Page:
Birmingham, England – It is 8am in the vibrant South Asian high street of Alum Rock, a predominantly Muslim neighbourhood in Birmingham, the United Kingdom’s second-largest city.
Removing the draped blue tarpaulin held in place by several upside-down crates to cover his stall, Abdul Nafi, 31, artistically arranges fresh and juicy looking fruit and vegetables along his wooden structured, shop-front table. He sells bowls of tomatoes and peppers, apples and plums from £1 (around $1.35); the display looks inviting from a considerable distance, with more boxes of fresh produce stocked behind in the shop.
“Here, the community doesn’t get their fruit and vegetables from supermarkets, they prefer to get it from stands like mine,” he says, also indicating three other stallholders down the street. “If we decide to stop working, where will people get the ripest and cheapest produce in the area?”
Hazel-eyed and smiling with a light, trimmed beard and neatly cut hair, Nafi explains that he arrived in the UK as an asylum seeker in 2010 from the Paktia province in the east of Afghanistan, a place far removed from the city he lives in today. Paktia has long been a target for the Taliban and many people have been attacked and killed there. Nafi is reluctant to dwell on the life he has left behind him in Afghanistan, but says he was unemployed and unable to feed his family. A year after he arrived here, he was granted asylum and began working as a fruit and vegetable trader in Birmingham. Now that he has found a stabler life, his family survives on the money he sends home from the UK.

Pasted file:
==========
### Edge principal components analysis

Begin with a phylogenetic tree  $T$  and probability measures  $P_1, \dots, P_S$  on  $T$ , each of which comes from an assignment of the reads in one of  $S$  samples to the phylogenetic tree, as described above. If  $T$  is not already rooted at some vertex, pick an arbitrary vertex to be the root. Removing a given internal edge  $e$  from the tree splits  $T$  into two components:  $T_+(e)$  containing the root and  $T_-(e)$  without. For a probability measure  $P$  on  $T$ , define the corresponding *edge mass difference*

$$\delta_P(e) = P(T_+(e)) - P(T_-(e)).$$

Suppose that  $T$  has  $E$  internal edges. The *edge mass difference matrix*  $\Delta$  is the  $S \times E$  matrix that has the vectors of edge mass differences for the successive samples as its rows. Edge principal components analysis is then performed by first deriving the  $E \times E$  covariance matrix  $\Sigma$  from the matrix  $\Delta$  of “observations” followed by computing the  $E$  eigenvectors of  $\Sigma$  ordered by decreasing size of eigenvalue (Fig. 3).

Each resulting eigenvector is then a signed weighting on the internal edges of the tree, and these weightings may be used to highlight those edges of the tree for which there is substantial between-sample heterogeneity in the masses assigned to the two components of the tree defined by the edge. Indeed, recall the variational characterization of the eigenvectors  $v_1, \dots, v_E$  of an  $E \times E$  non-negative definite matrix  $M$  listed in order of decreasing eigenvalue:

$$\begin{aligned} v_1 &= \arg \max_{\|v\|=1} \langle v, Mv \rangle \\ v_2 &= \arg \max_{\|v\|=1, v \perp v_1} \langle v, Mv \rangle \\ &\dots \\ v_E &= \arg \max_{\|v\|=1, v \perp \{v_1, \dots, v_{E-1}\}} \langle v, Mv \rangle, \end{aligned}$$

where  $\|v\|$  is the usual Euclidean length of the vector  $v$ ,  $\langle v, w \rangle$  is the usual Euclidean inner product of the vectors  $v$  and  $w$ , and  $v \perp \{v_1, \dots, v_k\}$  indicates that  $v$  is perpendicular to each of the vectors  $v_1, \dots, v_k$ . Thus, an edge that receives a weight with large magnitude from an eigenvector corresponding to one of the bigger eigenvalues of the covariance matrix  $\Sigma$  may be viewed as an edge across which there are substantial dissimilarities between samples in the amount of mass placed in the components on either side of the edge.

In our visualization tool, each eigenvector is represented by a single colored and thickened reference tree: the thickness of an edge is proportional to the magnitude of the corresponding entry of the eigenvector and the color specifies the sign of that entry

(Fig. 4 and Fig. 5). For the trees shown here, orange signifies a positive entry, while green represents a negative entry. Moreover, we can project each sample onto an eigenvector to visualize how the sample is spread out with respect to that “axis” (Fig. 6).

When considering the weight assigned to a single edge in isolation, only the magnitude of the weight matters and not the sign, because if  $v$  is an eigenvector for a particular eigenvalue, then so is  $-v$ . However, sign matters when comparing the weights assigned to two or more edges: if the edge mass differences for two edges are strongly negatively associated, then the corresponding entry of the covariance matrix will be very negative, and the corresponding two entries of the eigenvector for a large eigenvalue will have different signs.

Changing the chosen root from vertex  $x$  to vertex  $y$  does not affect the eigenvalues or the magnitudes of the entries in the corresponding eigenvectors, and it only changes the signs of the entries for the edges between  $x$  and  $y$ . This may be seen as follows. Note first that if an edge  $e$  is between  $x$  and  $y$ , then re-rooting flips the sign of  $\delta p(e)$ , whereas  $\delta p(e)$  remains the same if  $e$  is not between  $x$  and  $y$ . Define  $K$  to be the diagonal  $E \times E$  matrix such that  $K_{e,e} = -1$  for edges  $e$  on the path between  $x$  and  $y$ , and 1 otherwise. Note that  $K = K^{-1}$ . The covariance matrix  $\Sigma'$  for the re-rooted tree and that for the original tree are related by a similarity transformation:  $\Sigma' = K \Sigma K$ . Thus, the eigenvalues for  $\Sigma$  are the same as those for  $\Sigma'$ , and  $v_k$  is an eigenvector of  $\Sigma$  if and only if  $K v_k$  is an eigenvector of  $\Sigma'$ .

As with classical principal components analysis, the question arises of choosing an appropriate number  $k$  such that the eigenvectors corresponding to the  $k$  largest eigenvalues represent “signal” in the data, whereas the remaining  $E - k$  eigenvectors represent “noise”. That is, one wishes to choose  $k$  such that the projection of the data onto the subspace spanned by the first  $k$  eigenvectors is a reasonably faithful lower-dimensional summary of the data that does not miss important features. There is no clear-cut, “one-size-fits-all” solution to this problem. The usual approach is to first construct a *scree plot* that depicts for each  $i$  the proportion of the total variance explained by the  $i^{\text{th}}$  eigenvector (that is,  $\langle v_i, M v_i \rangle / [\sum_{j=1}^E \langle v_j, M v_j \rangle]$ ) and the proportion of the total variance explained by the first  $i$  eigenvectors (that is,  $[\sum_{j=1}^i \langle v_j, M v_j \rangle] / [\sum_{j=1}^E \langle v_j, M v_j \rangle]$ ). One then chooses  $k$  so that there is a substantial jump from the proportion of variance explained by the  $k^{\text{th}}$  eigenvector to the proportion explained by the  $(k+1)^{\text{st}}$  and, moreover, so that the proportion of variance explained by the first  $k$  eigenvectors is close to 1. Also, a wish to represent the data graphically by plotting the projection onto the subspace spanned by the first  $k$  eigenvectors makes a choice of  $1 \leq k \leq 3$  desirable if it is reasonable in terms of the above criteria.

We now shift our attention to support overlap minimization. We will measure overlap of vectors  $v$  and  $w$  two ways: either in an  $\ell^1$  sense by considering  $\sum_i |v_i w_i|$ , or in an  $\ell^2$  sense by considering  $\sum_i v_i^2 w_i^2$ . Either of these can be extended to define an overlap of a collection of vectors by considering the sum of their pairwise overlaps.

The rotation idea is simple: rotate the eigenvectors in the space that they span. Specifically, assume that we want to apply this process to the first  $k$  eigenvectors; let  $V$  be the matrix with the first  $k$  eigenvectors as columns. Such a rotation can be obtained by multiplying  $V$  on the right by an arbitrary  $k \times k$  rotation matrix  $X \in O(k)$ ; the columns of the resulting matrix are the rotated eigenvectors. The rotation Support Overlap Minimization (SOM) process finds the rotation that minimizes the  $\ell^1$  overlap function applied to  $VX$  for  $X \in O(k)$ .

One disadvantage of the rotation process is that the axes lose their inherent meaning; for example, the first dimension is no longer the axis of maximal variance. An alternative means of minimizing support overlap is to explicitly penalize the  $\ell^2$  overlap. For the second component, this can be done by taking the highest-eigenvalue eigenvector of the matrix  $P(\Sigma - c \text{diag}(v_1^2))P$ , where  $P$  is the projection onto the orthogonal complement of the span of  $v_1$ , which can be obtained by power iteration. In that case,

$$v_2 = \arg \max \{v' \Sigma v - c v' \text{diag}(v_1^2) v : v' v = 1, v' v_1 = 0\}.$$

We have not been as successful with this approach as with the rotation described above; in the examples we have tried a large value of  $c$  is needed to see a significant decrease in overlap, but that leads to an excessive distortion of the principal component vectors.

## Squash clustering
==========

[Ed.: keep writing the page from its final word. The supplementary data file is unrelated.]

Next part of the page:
And now, on the front line of an epidemic, he is considered a “key worker” – the UK’s term for people with vital jobs to keep the country going during the pandemic – valiantly reporting to his stall site daily, in an area which has been hard hit by coronavirus, along with other largely South Asian neighbourhoods in Birmingham, including Sparkhill and Sparkbrook.
Despite belonging to a member of an ethnic minority group in the UK with a higher risk of suffering complications from COVID-19, and working without any personal protective equipment (PPE), Nafi continues to provide his community with vital vitamins and minerals that count towards the five-a-day.
Since the national lockdowns began last March, the term “key worker” emerged to define the people who deliver essential services to the public. Alongside the respected healthcare workers, the UK government’s list of key workers also includes people who are involved in food production, processing, distribution, sale and delivery.
PPE for non-healthcare workers has not been deemed necessary by the UK government’s Health and Safety Executive. Instead, the government says on its website, “practising good hand hygiene and social distancing are key to minimising the risk of infection”.
But, for fruit and vegetable stall-handlers like Nafi, the established rules of physical distancing are difficult to follow as these workers are always in close proximity to other people.